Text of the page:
Productivity tops safety laws
Tens of thousands of Chinese workers are killed in workplace accidents each year because the communist nation relies on local authorities to enforce national safety guidelines, which companies and local governments routinely ignore for the sake of production.
"They've been very casual toward life," said Richard Cooper, an international economics professor at Harvard University, noting that Chinese workers can always be replaced. "To [the businesses], life is cheap."
For instance, 5,000 of China's 5 million coal miners are killed on the job each year, a death rate of one in 1,000 on average. By comparison, an average of nine of the 83,000 miners in the U.S. die each year, a death rate of one in 10,000.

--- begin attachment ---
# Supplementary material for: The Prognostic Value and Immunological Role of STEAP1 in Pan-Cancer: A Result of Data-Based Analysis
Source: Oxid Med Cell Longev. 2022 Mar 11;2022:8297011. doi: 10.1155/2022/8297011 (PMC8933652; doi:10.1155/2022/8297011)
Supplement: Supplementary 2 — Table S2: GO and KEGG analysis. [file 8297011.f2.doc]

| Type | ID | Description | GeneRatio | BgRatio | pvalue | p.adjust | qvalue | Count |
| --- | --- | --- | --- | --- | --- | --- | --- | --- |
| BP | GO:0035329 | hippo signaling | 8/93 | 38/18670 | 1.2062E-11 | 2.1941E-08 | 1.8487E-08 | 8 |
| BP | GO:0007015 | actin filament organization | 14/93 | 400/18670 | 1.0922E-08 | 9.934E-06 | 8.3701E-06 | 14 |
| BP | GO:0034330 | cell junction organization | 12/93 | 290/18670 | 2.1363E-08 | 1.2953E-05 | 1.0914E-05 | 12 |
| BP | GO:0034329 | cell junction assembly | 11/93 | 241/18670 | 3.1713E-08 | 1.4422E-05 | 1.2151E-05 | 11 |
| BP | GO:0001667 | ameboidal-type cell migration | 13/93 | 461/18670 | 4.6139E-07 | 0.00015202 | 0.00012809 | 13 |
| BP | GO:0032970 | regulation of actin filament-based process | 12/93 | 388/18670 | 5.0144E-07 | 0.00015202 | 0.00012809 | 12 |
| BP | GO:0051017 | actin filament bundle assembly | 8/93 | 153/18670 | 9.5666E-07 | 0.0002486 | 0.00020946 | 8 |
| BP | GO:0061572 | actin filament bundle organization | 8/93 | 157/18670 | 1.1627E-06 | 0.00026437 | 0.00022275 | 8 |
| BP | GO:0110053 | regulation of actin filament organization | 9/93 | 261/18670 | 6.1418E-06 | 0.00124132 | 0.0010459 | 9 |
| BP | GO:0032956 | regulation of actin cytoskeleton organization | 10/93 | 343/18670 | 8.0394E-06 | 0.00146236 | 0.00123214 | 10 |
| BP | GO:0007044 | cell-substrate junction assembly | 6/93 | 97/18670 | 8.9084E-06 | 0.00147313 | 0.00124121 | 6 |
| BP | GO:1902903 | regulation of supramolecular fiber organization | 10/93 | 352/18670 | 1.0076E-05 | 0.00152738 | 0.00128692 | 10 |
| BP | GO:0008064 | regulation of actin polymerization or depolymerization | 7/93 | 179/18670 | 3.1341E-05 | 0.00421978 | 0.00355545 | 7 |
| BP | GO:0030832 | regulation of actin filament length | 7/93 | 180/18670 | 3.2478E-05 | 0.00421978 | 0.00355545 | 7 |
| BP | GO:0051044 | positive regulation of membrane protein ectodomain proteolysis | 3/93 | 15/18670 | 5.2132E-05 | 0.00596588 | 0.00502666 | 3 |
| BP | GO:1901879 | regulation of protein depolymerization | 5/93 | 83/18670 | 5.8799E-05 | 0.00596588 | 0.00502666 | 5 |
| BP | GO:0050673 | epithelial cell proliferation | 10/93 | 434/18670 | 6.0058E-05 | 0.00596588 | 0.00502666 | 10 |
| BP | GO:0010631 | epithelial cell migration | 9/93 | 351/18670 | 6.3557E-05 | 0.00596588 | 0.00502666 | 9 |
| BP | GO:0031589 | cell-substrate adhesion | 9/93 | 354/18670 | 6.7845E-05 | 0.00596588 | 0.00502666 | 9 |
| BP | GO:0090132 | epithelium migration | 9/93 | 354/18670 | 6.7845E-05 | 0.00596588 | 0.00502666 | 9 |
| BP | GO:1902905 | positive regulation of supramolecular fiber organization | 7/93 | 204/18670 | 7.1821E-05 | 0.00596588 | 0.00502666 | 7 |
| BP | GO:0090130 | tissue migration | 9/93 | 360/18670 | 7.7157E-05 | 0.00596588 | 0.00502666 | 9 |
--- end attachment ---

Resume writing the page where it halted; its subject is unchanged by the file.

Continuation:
Chinese construction sites and factories also have high numbers of fatal accidents, such as the explosion in Nanjing last week that killed at least 13 workers.
As China prepares to overtake the United States as the world's top manufacturer, the safety conditions of its 600 million-strong work force could give a short-term competitive edge over the U.S. and other developed economies.
"It's a labor cost borne by the workers," said Steven Lewis, a research fellow at the James A. Baker III Institute for Public Policy at Rice University.
Mr. Lewis noted, though, that the competitive advantage is slight, given China's low wages.